One month short of his 78th birthday, and 27 years after his self-immolation, Gary Hart has been given a present of sorts by writer Matt Bai, who in All the Truth Is Out recasts the past as Hart wants to see it, a great man brought low by a change (for the worse) in the national zeitgeist that deprived the United States of a truly great leader, and a great mind of its mission in life.
This isn’t the first time that this take has been ventured—the late Richard Ben Cramer made Hart the hero of What It Takes, his 1992 door-stopping account of the 1988 presidential race and its many participants—but this is the first stand-alone effort, and also the first to be seen against the backdrop of the collapse of the presidency of Barack Obama, who is in some ways a Hart-like politician, though their failings are not all alike. Whatever his faults, Obama would have dropped dead many times over before he posed in a Monkey Business T-shirt with a blonde in his lap, but as political phenomena they share some points of contact: the phenomenal rise, the aspirational note, the appeal to the hopes of a new generation, and the claim to great brains plus the stylistic appeal of a pop culture icon, which played to the wish of a key demographic to be trendy and grave at one time. Each got his start in the Iowa caucuses, when he sandbagged an older and more baggy-eyed veteran presumed to be the frontrunner: Obama in 2008 when he stunned Hillary Clinton, and Hart in 1984 when he finished second to former vice president Walter F. Mondale and went on to savage him in New Hampshire only a few weeks after that. What else and what more may they have in common? Let us go back to that long-ago season, to look for what we can find.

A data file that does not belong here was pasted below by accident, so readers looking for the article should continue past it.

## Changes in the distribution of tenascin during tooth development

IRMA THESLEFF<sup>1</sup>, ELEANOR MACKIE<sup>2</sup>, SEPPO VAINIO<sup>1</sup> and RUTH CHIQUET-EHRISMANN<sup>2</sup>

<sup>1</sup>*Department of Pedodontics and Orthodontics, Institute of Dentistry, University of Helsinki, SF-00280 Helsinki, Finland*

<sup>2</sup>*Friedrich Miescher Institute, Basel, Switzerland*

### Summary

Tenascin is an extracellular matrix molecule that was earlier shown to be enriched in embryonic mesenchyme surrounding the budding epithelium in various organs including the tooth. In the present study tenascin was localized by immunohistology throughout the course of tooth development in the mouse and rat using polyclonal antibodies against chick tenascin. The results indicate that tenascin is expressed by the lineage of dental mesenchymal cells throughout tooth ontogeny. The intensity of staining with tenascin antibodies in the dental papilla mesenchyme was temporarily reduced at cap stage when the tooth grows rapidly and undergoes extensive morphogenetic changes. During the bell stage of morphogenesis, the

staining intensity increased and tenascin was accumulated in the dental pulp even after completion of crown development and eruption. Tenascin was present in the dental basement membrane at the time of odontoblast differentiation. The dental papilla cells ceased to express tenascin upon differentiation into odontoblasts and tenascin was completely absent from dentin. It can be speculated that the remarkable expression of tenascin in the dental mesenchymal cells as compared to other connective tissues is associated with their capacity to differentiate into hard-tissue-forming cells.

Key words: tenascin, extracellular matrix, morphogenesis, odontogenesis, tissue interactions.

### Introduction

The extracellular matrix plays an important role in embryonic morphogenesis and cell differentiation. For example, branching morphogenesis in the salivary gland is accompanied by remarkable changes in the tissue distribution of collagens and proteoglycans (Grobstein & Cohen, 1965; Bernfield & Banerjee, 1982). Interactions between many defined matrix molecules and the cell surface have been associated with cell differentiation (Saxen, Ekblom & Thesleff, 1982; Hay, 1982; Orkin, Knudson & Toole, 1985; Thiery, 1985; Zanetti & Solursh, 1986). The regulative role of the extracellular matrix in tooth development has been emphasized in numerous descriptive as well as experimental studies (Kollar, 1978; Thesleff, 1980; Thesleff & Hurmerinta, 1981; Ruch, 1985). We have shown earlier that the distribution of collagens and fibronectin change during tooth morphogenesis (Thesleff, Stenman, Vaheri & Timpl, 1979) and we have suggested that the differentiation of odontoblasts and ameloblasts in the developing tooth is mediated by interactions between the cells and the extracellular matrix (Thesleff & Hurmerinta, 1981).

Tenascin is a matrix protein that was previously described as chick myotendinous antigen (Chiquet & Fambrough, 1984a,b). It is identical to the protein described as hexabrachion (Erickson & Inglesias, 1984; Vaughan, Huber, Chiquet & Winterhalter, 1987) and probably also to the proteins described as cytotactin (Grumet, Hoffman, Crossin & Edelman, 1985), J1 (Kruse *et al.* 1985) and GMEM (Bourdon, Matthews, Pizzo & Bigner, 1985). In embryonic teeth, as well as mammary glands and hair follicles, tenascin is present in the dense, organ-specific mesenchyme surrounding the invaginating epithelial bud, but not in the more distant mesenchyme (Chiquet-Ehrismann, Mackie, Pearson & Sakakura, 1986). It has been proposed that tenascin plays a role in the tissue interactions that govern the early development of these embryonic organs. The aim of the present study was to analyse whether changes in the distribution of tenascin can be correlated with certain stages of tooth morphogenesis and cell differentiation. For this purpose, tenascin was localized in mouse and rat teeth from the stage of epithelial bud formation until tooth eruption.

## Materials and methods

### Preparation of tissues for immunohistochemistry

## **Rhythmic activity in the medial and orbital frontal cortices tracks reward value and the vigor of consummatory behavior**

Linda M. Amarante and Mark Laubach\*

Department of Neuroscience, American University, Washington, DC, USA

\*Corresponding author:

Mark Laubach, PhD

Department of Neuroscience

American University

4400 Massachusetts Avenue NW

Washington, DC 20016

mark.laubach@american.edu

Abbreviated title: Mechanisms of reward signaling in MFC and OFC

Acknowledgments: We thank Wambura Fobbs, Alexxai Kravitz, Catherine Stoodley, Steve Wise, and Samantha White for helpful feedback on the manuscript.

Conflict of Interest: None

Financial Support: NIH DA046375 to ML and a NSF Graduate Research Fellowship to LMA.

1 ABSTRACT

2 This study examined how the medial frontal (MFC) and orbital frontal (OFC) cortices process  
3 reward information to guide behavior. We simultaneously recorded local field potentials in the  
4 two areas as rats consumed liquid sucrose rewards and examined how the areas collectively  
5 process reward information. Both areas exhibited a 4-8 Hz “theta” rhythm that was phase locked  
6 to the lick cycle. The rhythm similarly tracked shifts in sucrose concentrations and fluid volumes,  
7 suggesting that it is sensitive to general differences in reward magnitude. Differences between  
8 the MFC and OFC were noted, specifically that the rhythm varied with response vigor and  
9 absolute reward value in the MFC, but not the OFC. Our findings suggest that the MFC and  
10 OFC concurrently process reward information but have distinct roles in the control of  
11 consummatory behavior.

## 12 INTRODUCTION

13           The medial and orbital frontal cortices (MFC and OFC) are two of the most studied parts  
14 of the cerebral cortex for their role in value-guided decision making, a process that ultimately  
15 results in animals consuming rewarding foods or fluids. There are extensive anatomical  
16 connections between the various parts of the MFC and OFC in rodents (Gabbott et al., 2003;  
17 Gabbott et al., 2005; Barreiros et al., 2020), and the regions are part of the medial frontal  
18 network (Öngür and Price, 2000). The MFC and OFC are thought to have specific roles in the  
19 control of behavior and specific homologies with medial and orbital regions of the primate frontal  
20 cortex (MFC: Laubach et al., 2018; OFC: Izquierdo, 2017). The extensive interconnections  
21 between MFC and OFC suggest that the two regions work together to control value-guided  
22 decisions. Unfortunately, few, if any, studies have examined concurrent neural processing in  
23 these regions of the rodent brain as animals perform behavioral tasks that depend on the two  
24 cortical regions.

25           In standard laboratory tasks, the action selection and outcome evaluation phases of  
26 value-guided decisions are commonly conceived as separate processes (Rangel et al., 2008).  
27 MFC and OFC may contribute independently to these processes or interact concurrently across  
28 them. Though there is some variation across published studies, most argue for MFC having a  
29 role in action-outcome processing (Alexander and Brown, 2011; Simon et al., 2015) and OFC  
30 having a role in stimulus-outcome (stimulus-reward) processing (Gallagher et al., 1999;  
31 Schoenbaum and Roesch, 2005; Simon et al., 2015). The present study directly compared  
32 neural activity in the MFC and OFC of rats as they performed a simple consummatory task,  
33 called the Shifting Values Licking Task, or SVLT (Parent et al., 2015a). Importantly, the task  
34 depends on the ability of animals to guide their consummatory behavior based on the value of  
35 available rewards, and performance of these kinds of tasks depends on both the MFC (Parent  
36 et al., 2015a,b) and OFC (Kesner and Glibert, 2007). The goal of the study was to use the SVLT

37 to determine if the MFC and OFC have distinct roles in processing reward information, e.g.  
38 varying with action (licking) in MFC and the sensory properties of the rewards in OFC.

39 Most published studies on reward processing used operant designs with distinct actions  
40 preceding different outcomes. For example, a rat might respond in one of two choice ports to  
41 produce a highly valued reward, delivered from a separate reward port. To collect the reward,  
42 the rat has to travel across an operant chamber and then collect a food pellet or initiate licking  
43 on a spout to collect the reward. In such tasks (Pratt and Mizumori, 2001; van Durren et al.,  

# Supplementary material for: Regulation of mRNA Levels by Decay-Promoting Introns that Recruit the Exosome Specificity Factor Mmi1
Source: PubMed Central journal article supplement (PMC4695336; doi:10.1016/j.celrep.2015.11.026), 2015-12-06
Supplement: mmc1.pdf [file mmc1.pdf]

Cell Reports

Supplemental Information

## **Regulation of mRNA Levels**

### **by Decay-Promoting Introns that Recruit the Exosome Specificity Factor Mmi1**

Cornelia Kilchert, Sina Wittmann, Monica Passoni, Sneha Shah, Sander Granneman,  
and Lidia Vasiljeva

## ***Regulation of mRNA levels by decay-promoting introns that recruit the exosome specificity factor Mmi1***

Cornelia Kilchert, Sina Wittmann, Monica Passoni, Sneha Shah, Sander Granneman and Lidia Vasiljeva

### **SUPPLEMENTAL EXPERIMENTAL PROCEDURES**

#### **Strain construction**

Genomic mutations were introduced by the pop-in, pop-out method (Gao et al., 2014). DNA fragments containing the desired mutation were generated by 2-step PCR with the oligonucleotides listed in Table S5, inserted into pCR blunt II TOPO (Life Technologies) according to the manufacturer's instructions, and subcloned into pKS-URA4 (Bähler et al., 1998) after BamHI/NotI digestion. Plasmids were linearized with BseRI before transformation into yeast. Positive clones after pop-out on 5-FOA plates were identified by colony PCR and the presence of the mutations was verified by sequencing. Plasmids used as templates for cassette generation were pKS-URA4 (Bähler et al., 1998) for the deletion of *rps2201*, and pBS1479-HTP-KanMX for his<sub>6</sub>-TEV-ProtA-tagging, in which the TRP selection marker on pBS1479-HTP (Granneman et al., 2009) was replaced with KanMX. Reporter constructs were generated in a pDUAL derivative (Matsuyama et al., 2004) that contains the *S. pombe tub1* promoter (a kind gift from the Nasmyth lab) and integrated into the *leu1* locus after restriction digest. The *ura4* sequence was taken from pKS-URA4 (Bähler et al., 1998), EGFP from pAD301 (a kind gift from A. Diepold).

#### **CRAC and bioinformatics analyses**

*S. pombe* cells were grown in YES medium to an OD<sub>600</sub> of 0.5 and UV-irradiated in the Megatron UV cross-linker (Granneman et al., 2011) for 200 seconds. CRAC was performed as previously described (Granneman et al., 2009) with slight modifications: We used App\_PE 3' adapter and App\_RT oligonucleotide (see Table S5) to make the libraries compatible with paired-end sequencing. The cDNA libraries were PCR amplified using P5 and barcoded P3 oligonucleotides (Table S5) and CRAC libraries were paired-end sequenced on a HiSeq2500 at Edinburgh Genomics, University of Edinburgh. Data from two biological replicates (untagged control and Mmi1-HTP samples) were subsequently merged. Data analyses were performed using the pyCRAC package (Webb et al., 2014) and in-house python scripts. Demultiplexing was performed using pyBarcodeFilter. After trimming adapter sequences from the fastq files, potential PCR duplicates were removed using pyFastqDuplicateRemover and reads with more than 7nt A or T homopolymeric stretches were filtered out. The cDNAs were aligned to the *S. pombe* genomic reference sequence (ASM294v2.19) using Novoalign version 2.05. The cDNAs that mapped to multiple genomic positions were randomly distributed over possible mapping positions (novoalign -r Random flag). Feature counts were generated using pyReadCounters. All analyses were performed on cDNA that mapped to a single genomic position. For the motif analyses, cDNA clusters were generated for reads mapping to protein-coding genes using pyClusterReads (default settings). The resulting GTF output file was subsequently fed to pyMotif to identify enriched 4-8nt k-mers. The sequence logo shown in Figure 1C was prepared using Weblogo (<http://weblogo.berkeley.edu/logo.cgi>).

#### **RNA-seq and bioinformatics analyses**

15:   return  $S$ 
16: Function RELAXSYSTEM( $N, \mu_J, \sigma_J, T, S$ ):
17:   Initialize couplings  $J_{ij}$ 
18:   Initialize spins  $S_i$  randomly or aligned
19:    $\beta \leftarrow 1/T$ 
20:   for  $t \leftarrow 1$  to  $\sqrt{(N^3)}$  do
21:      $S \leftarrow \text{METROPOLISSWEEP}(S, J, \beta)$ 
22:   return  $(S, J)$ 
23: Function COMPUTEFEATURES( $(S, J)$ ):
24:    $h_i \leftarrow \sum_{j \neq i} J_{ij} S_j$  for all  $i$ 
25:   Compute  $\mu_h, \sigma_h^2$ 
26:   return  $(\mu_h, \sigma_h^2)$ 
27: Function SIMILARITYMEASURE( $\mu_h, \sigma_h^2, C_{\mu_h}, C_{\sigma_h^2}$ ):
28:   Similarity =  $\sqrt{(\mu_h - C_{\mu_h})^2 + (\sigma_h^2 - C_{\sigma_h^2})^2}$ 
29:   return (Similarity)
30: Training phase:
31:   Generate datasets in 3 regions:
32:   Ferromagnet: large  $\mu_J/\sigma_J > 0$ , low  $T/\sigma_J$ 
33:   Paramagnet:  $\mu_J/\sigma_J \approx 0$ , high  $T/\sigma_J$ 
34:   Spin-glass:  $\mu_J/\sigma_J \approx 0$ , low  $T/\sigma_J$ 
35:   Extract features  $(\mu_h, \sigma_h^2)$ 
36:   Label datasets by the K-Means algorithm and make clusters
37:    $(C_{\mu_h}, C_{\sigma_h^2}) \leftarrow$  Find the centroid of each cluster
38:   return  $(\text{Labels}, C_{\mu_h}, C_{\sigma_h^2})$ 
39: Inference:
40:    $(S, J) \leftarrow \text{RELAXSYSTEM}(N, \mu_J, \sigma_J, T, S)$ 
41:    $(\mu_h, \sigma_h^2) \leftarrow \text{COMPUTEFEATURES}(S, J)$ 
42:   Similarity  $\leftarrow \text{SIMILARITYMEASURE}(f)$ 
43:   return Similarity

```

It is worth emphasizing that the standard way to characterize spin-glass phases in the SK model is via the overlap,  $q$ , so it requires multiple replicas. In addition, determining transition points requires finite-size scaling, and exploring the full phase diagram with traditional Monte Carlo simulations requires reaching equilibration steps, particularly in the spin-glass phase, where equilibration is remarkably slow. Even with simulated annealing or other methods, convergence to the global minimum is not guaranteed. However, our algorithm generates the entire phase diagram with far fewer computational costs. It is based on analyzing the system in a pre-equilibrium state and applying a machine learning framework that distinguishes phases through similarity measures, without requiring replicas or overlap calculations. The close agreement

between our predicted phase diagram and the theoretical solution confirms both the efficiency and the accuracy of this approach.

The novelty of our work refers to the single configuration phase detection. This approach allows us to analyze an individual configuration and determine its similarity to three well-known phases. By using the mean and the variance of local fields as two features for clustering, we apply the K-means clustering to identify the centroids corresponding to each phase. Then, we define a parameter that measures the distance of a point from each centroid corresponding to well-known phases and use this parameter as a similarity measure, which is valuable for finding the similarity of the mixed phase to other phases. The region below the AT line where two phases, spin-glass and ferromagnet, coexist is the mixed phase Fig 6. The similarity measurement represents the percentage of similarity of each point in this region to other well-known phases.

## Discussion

To begin with, each burst on the scene as a quasi-messiah, a sage and a rock star in one. “Hart is no longer simply a candidate. . . . He is a political phenomenon—in part a craze, but also something beyond that,” wrote Elizabeth Drew in the New Yorker on April 12, 1984. “Nothing like what has happened in the past week has ever happened before in American politics. No candidate has ever been so quickly transformed into such a political force . . . or become the -subject of so much excitement. . . . The very fact that numerous people now tell reporters they favor Hart even though they don’t know much, or even anything, about him, is part of the phenomenon. He is young, good looking and fresh, and offers himself as someone who will change the ‘old ways.’ ”
Does this sound familiar? Hart was the “ink blot candidate” onto whom people could project their own aspirations, and Obama would describe himself as a Rorschach test in which people could see what they wished. Hart was telegenic, and so was Obama, both slim and supple men who wore their clothes well. “His high cheekbones and lean face are just right for the cameras, and his cool demeanor is just right for the medium,” Drew said of Hart. “Americans love something new—an attractive and articulate something new. . . . Americans are addicted to the idea that things can be better. . . . By condemning the old ways . . . he is suggesting that there is a . . . reason things have not gone better, and that he can change that.” Does this sound familiar? It does.